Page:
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Author Topic: Starting with beef cattle  (Read 1680 times)

Daleswoman

  • Joined Jan 2015
Starting with beef cattle
« on: April 11, 2016, 05:04:52 pm »
Last year we agreed to buy a couple of yearling Dexter steers, to finish. Unfortunately one of the cows in the herd had an inconclusive TB test twice running so after waiting months to see if 'our' steers would be cleared for sale we are now thinking of looking elsewhere.

In the meantime, I've been reading and researching more and talking to neighbours, and am beginning to wonder if Dexters are the right breed for us. I picked Dexter because I want a traditional breed, and thought their small size would be good for me as a beginner to handle. However ... I have been advised that Herefords are the most docile breed, and in spite of their adult size they would be a better bet for a first timer.

A different neighbour has offered to sell me two 6-month-old Hereford steers that he recently bought at market. I am very tempted - what would you do?
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waterbuffalofarmer

  • Joined Apr 2014
  • Mid Wales
  • Owner of 61 Mediterranean water buffaloes
Re: Starting with beef cattle
« Reply #1 on: April 11, 2016, 06:10:25 pm »
If the neighbour is all clear TB wise and they're docile I would say go for it, after all the animals could be moved onto your holding easier, so not much stress there and if there is any problems then you could always talk to him. Close is better, as you can see his herd and how he manages them. Hope this helps and all the best with whatever you do :thumbsup:
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farmers wife

  • Joined Jul 2009
  • SE Wales
Re: Starting with beef cattle
« Reply #2 on: April 11, 2016, 06:32:45 pm »
dont believe one breed is more docile than another - these are individuals and you can have wild tendencies. In general native breeds are better than continental however they can be stuben too.


The reason why when looking at an animal you have to see it in the herd and go as close as possible.  In general farmers (me) sell wild stock when we dont want them in the herd.


Check check check the health status of all buying in - you want a vets cert on Lepto, BVD and Johnes if poss. Do not bring anything untowards onto your land buying my mart comes with all risks so you need to be sure no different from most animals. You can infect land if you dont get health status. Is these a pure or a cross?


Why is this farmer selling them if he's just bought them?  Be sure of the quality of these steers poor confirmation of a animal of this age will carry through and will be a nightmare to fatten on grass.  On thing you dont want to do is be shoving their heads in a bucket.  Native breeds need to carry fat nothing worse than a tasteless fatless steak.


Handling cattle is difficult if like me your small so you need to ensure you have a yard that has gates and narrow passages. The more you handle them the better.


Yes, once you can confirm the health status go for it.




landroverroy

  • Joined Oct 2010
Re: Starting with beef cattle
« Reply #3 on: April 19, 2016, 03:57:23 am »
 I started with Dexters many years ago and still have one cow descended from the original one. They are a good breed to start with but tend to have small person syndrome, and can be difficult if not well handled.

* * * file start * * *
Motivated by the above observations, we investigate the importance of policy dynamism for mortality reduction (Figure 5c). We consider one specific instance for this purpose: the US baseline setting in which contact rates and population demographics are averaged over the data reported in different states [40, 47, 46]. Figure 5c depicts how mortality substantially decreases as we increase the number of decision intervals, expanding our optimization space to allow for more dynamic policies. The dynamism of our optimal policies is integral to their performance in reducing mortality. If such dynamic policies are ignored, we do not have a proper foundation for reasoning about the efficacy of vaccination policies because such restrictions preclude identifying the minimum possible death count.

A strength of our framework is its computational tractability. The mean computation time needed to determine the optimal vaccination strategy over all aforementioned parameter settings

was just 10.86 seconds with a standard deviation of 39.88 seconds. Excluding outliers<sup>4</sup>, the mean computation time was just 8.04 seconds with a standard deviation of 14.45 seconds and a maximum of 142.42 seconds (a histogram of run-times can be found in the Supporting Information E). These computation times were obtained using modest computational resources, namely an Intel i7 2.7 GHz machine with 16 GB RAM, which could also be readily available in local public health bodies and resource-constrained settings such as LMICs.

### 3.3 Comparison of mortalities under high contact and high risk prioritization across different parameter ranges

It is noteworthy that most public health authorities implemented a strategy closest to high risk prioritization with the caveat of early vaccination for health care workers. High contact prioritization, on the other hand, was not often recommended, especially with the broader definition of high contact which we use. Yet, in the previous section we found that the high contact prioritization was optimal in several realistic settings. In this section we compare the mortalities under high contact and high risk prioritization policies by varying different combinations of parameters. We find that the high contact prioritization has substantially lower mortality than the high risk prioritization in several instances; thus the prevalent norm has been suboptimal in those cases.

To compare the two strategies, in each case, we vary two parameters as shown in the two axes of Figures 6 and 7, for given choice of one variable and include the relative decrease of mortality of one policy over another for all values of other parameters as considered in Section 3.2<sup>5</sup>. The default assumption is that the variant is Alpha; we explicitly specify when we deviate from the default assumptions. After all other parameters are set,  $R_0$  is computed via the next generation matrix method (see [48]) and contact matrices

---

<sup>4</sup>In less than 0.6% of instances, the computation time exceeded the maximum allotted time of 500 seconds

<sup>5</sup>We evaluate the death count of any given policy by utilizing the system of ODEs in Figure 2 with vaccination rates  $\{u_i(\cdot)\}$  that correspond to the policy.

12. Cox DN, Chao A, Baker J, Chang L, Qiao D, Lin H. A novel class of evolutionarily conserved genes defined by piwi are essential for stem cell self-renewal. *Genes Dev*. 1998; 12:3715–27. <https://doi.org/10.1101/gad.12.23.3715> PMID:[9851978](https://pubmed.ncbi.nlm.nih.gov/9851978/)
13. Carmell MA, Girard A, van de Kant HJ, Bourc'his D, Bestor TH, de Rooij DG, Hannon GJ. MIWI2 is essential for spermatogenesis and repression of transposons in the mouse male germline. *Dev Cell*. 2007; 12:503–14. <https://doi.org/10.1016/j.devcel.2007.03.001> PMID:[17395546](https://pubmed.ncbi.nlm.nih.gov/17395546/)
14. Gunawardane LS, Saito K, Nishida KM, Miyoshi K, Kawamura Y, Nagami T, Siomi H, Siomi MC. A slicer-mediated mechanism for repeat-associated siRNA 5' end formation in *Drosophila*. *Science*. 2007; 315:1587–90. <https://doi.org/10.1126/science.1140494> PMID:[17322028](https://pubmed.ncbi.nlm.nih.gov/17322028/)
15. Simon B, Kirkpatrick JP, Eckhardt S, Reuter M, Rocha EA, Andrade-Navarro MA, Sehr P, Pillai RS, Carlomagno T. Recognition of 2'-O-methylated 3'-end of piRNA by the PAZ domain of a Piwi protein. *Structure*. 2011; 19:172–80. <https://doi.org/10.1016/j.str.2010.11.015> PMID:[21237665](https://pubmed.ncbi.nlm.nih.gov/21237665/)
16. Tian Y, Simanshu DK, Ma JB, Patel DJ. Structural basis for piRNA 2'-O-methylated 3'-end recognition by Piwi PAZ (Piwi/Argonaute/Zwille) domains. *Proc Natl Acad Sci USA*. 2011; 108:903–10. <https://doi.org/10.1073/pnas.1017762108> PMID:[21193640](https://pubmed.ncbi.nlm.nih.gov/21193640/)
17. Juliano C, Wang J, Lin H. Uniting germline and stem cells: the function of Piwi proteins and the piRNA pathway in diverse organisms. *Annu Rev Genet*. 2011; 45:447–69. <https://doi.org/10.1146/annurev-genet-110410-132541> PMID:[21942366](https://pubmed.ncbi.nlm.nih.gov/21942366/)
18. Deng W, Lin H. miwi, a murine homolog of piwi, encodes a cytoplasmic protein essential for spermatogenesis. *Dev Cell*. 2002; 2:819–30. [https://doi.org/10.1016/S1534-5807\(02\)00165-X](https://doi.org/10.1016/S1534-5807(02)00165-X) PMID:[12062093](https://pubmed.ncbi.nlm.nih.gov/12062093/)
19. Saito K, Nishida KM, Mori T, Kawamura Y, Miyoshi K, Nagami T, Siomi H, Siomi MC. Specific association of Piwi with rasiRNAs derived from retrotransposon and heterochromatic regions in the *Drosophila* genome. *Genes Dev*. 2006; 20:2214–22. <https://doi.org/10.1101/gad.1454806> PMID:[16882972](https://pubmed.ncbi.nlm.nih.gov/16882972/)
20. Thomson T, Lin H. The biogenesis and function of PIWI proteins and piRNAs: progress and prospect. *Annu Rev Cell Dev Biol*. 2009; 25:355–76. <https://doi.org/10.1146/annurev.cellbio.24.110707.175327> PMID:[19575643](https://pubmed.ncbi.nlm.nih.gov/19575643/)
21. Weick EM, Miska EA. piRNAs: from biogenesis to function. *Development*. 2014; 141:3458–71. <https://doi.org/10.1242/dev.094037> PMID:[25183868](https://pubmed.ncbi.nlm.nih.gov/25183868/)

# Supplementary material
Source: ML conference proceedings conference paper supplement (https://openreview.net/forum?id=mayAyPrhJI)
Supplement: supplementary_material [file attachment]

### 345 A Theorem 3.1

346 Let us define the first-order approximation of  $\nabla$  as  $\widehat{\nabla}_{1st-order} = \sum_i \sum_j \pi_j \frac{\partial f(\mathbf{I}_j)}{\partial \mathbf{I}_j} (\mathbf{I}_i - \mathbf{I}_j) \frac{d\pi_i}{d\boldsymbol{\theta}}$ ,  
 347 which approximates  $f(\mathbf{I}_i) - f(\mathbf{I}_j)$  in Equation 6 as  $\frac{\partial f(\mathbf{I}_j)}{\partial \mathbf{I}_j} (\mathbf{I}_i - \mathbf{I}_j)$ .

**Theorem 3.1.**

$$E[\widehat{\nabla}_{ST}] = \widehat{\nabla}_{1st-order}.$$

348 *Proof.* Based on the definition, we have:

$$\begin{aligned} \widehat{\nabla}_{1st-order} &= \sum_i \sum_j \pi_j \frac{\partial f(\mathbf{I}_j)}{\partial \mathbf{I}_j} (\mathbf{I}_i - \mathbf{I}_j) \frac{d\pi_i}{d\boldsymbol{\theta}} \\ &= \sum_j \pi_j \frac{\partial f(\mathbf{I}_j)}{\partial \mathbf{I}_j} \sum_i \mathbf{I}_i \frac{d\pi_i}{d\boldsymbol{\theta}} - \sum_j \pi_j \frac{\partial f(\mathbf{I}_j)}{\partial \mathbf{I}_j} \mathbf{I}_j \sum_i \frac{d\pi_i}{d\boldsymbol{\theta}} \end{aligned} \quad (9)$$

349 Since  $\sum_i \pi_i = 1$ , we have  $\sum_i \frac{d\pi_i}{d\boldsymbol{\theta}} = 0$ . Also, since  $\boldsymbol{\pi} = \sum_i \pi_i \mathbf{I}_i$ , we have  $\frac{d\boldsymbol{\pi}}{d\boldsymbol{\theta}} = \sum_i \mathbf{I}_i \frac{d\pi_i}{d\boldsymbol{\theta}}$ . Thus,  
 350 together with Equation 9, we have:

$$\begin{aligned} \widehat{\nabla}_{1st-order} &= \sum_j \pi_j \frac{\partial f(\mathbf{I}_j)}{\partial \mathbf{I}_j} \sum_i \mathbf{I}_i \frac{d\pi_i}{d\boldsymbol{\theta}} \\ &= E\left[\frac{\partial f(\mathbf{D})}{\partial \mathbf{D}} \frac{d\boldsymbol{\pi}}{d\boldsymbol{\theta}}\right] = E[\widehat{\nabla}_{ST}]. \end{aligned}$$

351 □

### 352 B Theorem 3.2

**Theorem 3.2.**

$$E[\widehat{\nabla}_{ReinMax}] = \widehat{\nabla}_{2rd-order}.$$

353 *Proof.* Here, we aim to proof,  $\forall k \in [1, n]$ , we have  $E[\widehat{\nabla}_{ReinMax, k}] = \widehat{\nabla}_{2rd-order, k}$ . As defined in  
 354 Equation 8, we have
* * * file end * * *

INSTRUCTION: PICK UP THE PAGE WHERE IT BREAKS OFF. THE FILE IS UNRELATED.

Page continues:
I since went on to Herefords and they are far more placid by nature.
 Are you intending to eat the meat that you produce yourself, or will you sell it at market? If the former, then Dexters are  good choice as you won't end up with a mountain of meat that you have to deal with. Half a Dexter will easily fit in a family freezer. A Hereford produces considerably more. If you plan on selling the animals fat then you would be better with Herefords as they should fetch a decent price in market, whereas pure Dexters do not because of the small size of their carcass.
 The Herefords bought by your neighbour are likely to be dairy bred crosses which may not have as good a conformation as beef bred animals. (like comparing the difference between a chunky labrador with a labrador  crossed with a greyhound.) But at the right price they could be ok. So how well do you trust the judgement and honesty of your neighbour? If you're happy to deal with him, then I'd go with his choice.
 Obviously you don't want to be buying in diseased animals but to get any with a vet's certificate is going to cost you more and is difficult to justify. It is normally only done where you keep exclusive pedigree animals where a breakdown in heath of the herd would cost you thousands in lost sales. I, in 30 years of selling privately have only once been asked for BVD and Johnnes testing and that was for some highlands I sent up to the Shetland Isles which is a high health status area. (Yes they passed!)
     
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Daleswoman

  • Joined Jan 2015
Re: Starting with beef cattle
« Reply #4 on: April 30, 2016, 12:50:28 pm »
Well, I decided it wasn't worth the risk of having the hereford calves - the guy is a bit of a wheeler dealer. Then last Tuesday the Dexter lady rang to say they'd had the all-clear and did I still want the two steers I'd agreed to buy last October! So I said yes, and collected them on Wednesday. I've started a new thread about them.

Many thanks for the comments and advice.

 

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